2013 Annual Report
1a.Objectives (from AD-416):
Objective 1. Resistance monitoring. Cooperators representing the US potato industry from different US states will receive collection kits including shipping containers and USDA-APHIS permits. Objective 2. Assessing metabolic resistance levels. This objective aims to determine which detoxifying mechanisms are activated in Colorado potato beetle (CPB) in response to insecticides. Objective 3. Efficacy of alternative insecticides. Our goal in this objective is to measure resistance in CPB to novel insecticide action modes such as abamectin, spinetoram, novaluron, rynaxypyr, metaflumizone, and cyazypyr. Objective 4. CPB resistance and diapause. The relationship between CPB diapause intensity and population wide stressors (e.g. insecticide resistance) is currently unknown. Specifically, the goal of this objective is to determine if CPB populations being selected for delayed or protracted emergence from overwintering is related to observed increases in levels of resistance. Objective 5. Plant resistance. We will identify and compare chemicals emitted into the headspace of wild relatives of the cultivated potato that show various levels of resistance to CPB.
1b.Approach (from AD-416):
Objective 1. Resistance monitoring. Cooperators representing the US potato industry from different states will receive collection kits including shipping containers and USDA-APHIS permits. Each Colorado potato beetle (CPB) population will be screened to determine the relative susceptibility to imidacloprid and thiamethoxam (topical application, 15 adults per concentration, five concentrations, 150 beetles per insecticide). Treated beetles will be placed in Petri dishes lined with filter paper and fed fresh potato foliage and kept at 24°C (±1). Beetle mortality will be assessed 7 days after treatment. Doses lethal to 50% of the beetles (LD50s) for imidacloprid and thiamethoxam will be determined by log dose/probit mortality analysis. LD50s for field populations will be compared to LD50s for susceptible beetles to determine whether resistance to either chemical is increasing in the field. Resistant populations will be mapped to see if resistance appears to be spreading or occurring in new locations.
Objective 2. Assessing metabolic resistance levels. CPB adults were collected from three VA locations in 2011 and assayed for baseline levels of three metabolic enzymes (esterase, glutathion-S-transferase, and cytochrome P450 monooxygenase) associated with detoxification mechanisms. A total protein content assay was also conducted on the three VA populations as well. The results from these baseline assays will be compared to enzyme assays conducted after exposing CPB adults from the same fields in 2012 to sub-lethal doses of different insecticides. These trials should indicate which detoxifying mechanisms are activated in CPB. The results of these experiments may provide insight into the potential resistance development of CPB.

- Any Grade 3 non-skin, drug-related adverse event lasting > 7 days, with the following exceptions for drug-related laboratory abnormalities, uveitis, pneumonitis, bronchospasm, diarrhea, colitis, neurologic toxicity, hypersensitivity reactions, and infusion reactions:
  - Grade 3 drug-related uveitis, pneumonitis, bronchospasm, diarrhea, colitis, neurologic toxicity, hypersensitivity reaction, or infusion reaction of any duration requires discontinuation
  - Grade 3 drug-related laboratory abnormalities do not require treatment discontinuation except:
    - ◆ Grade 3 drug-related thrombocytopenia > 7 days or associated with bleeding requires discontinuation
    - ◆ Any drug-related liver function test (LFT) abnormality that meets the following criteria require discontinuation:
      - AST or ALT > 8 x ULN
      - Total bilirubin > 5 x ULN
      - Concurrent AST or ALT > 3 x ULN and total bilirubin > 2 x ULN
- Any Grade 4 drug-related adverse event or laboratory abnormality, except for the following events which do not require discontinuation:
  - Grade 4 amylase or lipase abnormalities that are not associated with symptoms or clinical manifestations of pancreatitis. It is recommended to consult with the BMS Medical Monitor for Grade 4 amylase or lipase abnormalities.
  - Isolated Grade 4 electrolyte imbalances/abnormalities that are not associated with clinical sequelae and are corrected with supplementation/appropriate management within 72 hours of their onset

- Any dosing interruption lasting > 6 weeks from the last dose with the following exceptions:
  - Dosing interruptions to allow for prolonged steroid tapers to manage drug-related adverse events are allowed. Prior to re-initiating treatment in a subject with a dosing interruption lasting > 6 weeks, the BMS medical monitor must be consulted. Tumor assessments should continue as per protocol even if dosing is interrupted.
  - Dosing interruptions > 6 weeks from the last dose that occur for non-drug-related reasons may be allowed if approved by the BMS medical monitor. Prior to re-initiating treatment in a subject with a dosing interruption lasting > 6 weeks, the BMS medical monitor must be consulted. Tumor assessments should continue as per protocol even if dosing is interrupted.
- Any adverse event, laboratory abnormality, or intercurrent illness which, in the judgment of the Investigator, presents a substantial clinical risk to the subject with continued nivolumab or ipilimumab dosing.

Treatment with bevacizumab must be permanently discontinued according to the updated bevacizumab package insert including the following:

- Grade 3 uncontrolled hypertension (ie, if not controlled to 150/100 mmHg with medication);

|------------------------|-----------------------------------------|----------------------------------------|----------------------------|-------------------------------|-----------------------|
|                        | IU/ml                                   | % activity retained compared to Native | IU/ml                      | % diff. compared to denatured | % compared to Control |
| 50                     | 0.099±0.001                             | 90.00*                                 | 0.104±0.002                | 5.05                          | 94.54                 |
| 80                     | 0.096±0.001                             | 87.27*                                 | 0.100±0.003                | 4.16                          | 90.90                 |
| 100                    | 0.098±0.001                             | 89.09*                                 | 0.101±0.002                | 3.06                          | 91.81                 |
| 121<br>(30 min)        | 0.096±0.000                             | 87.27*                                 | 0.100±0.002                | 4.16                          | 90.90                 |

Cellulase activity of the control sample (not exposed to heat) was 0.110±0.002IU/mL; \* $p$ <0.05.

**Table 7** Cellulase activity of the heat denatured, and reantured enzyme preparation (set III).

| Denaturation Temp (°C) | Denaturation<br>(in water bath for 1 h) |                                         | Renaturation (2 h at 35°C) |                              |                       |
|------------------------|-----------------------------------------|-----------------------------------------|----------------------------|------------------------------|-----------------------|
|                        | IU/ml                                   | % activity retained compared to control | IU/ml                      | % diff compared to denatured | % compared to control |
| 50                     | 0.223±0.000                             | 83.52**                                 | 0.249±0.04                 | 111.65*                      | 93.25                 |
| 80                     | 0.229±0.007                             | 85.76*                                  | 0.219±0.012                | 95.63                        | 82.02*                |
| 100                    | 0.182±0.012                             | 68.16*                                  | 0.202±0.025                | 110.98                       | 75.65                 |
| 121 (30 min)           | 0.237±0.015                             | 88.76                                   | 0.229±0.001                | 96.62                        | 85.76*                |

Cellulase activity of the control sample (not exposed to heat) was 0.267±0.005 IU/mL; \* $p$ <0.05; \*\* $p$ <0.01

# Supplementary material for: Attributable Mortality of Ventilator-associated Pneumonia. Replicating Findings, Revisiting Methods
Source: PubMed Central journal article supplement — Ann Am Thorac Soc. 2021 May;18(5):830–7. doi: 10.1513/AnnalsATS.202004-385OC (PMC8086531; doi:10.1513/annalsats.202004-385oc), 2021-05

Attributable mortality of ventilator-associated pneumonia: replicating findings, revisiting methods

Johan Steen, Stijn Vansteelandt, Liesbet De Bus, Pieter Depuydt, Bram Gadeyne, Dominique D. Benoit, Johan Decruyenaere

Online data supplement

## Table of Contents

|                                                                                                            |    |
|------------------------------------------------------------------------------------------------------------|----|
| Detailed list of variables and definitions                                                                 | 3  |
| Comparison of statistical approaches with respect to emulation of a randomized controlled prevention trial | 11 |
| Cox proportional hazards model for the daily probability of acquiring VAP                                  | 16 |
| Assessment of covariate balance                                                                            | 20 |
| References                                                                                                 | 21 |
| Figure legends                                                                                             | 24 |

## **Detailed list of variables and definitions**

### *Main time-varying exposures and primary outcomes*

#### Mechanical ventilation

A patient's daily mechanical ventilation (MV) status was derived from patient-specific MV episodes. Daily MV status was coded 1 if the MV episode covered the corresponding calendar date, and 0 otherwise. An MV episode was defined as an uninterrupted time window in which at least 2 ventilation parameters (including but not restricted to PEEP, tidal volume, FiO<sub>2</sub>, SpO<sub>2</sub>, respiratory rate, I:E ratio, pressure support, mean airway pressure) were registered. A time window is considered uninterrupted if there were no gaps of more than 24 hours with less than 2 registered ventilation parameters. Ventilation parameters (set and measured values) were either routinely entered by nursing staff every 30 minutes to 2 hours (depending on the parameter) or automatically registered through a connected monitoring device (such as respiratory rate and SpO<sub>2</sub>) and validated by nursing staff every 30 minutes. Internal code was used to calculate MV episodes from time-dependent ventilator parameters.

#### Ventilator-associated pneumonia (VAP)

Objective 3. Efficacy of alternative insecticides. Preliminary research with the novel insecticide tolfenpyrad has shown a high level of toxicity to CPB larvae and adults in the lab and field. In 2012, we will conduct bioassays to measure LC50 levels and to determine optimal rates of this chemical to use in the field. In addition, we will evaluate the efficacy of several other novel insecticides including cyantraniliprole, spinetoram, and others.
This project was renumbered from 3655-21000-049-27S to 3655-21220-002-10S. Colorado potato beetle (CPB) populations from commercial potato fields in Eastern, Midwestern, and Western United States locations were tested at Michigan State University and the University of Wisconsin for resistance to imidacloprid and thiamethoxam using topical applications of technical grade insecticide. High levels of resistance to imidacloprid continue to be present in Maine, New York (Long Island), and Michigan. Resistance to thiamethoxam remains less prevalent than imidacloprid resistance, with only one Michigan population being classified as resistant. Resistance to thiamethoxam is probably increasing more slowly than imidacloprid resistance because imidacloprid is more commonly used than thiamethoxam. Field trials in Virginia, Michigan, and Wisconsin tested effectiveness of currently labeled and novel insecticides against Colorado potato beetle. Several new products were effective. Having a range of compounds from different chemical classes will be important for Colorado potato beetle control as neonicotinoid resistance continues to increase. No indications of resistance to the new products were observed in the field. In Virginia, potato leaf-dip bioassays were completed in 2011 showing that the novel insecticide tolfenpyrad is highly toxic to CPB larvae. The insecticide is also toxic to CPB adults indicating that tolfenpyrad is about 40x more toxic to CPB larvae than adults. Additional field efficacy evaluations with commercially-formulated tolfenpyrad conducted on the Eastern Shore of Virginia revealed that this insecticide is highly efficacious on CPB larvae. In the interest of insecticide resistance management, it is imperative that we continuously monitor the efficacy of currently used insecticides as well as assess the efficacy of new ones on CPB. Progress relates to objectives 1, 2, 3, and 4 by monitoring resistance in Colorado potato beetle to imidacloprid and thiamethoxam and determining field efficacy of new insecticides and evaluating the affect of alternative insecticides.